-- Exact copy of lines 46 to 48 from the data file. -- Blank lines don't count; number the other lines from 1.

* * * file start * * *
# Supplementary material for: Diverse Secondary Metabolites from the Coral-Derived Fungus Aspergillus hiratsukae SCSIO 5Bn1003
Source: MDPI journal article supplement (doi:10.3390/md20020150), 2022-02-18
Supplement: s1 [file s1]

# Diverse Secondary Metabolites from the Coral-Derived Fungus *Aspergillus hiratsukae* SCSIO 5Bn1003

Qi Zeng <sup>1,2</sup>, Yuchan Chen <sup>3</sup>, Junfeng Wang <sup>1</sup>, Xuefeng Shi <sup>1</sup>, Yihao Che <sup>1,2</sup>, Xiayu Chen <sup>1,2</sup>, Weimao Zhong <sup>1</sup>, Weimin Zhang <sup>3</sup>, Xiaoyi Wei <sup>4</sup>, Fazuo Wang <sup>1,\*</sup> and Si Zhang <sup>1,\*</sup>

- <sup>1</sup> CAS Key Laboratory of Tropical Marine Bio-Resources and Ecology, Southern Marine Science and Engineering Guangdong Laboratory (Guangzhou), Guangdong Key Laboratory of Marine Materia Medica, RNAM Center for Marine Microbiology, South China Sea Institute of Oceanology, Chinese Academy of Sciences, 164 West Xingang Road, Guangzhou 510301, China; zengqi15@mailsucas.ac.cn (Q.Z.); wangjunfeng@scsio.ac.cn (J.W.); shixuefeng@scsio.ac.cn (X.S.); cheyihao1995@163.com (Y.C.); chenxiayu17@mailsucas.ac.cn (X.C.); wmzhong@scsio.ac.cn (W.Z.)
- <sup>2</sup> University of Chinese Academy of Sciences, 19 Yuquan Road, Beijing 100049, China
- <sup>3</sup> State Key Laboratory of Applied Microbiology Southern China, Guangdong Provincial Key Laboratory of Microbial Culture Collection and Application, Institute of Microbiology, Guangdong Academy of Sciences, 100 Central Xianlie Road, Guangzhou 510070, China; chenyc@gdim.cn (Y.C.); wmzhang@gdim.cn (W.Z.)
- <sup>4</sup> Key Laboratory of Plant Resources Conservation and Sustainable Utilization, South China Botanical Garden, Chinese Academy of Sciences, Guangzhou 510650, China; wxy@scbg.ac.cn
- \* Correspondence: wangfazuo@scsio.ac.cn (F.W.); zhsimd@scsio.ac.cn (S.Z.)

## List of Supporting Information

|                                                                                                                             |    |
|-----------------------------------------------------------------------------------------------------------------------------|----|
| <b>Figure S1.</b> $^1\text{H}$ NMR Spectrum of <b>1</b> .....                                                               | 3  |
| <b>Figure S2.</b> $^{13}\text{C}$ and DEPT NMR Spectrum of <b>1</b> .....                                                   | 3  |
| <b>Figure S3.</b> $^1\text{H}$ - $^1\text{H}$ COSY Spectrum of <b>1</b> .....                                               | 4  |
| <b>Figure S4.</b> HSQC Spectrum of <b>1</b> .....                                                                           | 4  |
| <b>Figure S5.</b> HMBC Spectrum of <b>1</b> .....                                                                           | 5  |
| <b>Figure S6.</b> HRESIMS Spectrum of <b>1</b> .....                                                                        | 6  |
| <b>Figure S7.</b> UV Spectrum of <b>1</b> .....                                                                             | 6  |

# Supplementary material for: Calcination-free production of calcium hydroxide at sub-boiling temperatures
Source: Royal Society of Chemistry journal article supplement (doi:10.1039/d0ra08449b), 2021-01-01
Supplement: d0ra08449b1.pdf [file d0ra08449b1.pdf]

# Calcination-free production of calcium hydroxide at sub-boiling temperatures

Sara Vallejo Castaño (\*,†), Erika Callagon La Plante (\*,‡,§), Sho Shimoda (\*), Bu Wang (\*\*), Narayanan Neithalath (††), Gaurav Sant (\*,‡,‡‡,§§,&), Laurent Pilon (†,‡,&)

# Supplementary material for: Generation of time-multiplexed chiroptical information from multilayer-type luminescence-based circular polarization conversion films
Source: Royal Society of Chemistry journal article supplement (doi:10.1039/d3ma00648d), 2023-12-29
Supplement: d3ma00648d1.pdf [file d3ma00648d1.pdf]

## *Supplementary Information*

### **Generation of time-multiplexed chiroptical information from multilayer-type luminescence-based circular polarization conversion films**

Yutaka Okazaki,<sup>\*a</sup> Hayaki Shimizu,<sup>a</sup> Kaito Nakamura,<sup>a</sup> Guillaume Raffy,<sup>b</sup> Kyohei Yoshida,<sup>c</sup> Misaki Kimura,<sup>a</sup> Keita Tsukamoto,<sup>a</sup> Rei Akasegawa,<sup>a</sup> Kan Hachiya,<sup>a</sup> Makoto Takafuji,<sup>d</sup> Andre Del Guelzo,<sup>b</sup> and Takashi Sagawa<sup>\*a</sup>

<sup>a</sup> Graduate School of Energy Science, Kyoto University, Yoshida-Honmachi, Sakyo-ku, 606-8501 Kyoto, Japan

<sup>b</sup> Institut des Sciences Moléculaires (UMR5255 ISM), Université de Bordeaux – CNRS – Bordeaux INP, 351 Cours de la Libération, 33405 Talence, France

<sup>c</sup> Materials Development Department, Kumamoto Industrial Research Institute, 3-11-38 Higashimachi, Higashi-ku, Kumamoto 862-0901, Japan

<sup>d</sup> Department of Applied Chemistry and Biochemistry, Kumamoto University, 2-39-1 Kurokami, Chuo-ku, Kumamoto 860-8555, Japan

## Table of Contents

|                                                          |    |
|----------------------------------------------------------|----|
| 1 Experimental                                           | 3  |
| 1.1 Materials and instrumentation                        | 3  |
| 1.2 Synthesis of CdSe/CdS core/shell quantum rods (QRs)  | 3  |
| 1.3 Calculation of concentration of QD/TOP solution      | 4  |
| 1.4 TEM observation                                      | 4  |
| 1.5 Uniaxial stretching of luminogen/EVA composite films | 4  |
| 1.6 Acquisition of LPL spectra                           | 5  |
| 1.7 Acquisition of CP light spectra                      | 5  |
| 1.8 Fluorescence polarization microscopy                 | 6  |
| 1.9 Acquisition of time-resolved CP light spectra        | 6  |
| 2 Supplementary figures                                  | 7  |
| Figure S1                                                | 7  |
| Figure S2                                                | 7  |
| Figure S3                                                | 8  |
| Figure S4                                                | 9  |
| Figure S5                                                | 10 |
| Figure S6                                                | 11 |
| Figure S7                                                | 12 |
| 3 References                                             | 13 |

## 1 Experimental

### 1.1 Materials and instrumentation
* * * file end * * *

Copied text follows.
| 1.7 Acquisition of CP light spectra                      | 5  |
| 1.8 Fluorescence polarization microscopy                 | 6  |
| 1.9 Acquisition of time-resolved CP light spectra        | 6  |